ORLANDO, Fla. (AP) — The largest fundraising arm for the victims of the Pulse nightclub attack reversed course Friday and will now distribute millions of dollars directly to families and survivors instead of through nonprofit agencies.
The OneOrlando fund's decision underscores the complexities of distributing huge amounts of money donated from people and businesses desperate to give some solace to the victims of disasters and tragedies. The turnabout comes a day after the families of victims from previous mass shootings at Virginia Tech, Columbine High School and elsewhere said in a letter that they objected to the fund giving money only to nonprofits.
"We believe that donations that are collected in the wake of national tragedies for victims should be disbursed directly TO them," the letter said. "That is why Americans are giving. To help the victims directly."
Orlando Mayor Buddy Dyer, who along with other local officials is backing the efforts of OneOrlando, said officials heeded that advice. He said victims' families and survivors need quick assistance for groceries, rent and medical expenses. So far, the fund has raised about $7.5 million.
"We are going to make sure the funds go to the victims' families. We have not worked out the details," Dyer said.
A gunman opened fire at the gay nightclub in Orlando on "Latin Night," leaving 49 people dead and injuring another 53 in the worst mass shooting in modern U.S. history.
OneOrlando is one of many funds established to help. A fund set up by the gay rights advocacy group, Equality Florida, has raised more than $5 million. Other funds have been set up by the owner of Pulse and a Latino advocacy group. Nearly half of the slain victims were Puerto Rican and several were Mexican.
Dozens of individual gofundme.com accounts have also been created, including one for Felipe Marrero, who was shot four times in the back and arm. The Universal Orlando Resort worker has health insurance, but with multiple surgeries and maybe a lifetime of physical therapy, he is worried about how he is going to pay for everything.
"I've never been in the hospital before," said Marrero, 30. "I'm scared. I'm independent, not married, and my family's all back in Puerto Rico."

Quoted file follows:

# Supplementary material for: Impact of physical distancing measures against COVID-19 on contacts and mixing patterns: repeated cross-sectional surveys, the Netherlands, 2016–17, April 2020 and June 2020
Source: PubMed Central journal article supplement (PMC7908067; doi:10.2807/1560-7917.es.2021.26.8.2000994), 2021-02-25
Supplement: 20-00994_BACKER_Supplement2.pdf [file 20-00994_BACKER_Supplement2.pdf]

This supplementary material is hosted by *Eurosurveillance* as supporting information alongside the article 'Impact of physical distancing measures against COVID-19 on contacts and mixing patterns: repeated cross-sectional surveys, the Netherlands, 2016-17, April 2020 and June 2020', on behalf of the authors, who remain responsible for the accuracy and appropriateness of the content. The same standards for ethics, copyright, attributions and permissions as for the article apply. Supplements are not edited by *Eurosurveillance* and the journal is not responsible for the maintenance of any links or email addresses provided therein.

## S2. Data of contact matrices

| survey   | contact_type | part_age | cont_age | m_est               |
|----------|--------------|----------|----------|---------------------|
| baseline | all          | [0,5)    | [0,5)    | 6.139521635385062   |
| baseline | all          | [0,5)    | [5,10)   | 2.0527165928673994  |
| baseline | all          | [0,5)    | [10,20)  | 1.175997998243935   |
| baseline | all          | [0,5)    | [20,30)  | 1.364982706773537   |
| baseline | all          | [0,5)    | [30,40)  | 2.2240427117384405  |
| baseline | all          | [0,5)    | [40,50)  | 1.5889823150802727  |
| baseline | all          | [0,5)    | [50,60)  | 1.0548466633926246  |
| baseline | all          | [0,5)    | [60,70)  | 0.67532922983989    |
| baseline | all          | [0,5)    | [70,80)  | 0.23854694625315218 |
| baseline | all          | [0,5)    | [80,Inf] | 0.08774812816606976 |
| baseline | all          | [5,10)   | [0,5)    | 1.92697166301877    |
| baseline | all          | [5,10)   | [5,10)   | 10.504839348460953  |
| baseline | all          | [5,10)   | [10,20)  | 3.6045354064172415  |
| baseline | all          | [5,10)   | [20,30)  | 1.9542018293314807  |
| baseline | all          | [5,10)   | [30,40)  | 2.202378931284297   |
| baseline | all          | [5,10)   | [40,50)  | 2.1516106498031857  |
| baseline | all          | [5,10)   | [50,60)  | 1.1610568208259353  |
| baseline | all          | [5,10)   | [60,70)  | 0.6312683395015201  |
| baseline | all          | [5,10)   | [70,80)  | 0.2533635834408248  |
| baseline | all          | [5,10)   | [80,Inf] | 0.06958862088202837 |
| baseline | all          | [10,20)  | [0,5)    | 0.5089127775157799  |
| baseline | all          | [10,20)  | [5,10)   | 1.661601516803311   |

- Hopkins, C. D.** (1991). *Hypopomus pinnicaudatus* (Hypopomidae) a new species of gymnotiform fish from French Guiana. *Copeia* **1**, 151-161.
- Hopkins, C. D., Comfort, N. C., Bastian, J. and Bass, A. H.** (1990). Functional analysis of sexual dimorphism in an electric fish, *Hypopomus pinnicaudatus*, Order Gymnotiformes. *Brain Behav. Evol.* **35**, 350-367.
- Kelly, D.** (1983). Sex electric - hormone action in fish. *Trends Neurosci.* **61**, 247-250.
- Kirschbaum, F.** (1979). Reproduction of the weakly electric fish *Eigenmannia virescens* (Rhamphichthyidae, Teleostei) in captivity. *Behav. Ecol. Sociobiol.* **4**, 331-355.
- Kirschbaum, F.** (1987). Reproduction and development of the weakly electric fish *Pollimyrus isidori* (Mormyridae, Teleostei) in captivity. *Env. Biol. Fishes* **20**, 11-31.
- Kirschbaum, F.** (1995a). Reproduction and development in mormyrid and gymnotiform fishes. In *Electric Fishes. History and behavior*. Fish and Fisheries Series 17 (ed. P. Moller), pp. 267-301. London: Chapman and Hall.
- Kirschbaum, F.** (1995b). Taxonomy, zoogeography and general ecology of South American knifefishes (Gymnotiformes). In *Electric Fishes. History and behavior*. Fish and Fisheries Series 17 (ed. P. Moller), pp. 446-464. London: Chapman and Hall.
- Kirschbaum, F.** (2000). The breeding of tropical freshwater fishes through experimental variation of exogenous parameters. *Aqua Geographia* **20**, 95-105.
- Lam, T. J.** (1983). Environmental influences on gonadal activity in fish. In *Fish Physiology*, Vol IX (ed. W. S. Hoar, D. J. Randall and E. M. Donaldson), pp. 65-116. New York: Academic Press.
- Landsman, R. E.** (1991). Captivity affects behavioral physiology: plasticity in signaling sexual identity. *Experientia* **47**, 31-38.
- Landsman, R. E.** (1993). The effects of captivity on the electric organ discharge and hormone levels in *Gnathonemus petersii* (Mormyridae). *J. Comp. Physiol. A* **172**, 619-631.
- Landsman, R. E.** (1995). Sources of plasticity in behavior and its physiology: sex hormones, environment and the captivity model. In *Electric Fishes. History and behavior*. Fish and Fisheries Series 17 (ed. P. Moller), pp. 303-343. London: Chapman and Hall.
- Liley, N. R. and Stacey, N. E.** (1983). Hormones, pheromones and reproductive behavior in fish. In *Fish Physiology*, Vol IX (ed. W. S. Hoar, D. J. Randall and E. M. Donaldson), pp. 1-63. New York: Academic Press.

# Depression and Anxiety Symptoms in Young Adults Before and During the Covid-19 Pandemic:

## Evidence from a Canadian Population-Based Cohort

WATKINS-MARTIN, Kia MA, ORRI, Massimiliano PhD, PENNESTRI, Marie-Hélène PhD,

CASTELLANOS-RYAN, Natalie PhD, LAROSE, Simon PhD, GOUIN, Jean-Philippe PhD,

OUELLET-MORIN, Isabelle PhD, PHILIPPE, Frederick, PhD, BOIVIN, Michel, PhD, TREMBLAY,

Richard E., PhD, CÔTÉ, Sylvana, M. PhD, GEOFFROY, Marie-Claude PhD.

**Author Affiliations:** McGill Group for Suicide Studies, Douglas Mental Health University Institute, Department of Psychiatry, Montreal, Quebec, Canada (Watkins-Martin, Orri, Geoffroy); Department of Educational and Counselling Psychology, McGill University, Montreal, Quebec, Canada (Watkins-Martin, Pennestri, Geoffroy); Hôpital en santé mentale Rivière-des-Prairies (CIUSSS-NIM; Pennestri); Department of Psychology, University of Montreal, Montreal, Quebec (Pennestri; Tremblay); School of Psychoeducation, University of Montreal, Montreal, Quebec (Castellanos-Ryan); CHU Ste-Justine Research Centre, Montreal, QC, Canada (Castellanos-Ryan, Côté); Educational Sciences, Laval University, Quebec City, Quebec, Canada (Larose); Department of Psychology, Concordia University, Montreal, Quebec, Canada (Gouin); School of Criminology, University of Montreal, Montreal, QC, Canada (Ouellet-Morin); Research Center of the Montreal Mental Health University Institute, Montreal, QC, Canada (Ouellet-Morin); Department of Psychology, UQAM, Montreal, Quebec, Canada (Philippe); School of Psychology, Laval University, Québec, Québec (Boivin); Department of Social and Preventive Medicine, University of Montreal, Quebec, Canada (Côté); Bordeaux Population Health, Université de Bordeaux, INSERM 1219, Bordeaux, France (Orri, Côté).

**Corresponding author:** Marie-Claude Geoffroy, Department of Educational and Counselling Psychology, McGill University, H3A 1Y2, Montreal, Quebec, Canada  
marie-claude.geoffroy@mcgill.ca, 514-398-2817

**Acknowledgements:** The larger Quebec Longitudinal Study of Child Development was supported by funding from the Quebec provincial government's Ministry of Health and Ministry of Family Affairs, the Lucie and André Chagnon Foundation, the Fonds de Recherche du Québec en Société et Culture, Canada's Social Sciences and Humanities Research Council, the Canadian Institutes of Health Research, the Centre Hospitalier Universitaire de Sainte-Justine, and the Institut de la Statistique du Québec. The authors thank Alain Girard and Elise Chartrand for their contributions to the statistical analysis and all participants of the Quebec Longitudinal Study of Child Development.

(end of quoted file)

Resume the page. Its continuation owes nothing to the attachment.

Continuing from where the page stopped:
The man who oversaw the distribution of donations after the Sept. 11 attacks and the Boston Marathon bombing said having multiple funds may not be the best approach.
"The minute you have competing funds, all vying for donations, with all their uncoordinated criteria, their wildly divergent amounts that are distributed, it becomes competition," Ken Feinberg told The Associated Press.
Dyer has been consulting with Feinberg, who says Orlando officials should look to Boston as the model. People were encouraged to donate to the centralize One Fund Boston instead of other organizations like United Way. Those efforts raised over $60 million in 60 days, all of which went to the victims, he said.
Despite the fundraising, some Orlando victims' families and survivors hadn't yet heard about the financial assistance available to them.
"We've just been too busy with everything," said Shepherd Drayton, whose daughter, Deonka, was killed in Sunday's shooting.
The head of the Central Florida Foundation, which originally was going to administer the distribution of the OneOrlando fund, had told The Associated Press on Thursday that the nonprofits supporting the victims "had thin budgets" and needed to be supported. That group will no longer distribute the cash.
Equality Florida has partnered with the National Center for Victims of Crime to help distribute the millions of dollars it has raised.
The center's executive director said they have taken the names of applicants for the fund and they will consult law enforcement officials to verify the authenticity of the applicants.
They will be placed into categories — those who died, those who had major injuries and those who had lesser injuries — and a decision will be made on what percentage of the donations each category should get, said Mai Fernandez, the center's executive director.
"Everyone who died is going to get the same amount. It's not an actuarial thing. It's not like one is a plumber and one is a lawyer and one should get more," Fernandez said. "We're making the determination by injury or death."
Associated Press reporters Pat Eaton-Robb in Hartford, Connecticut, and Jason Dearen in Orlando contributed to this report.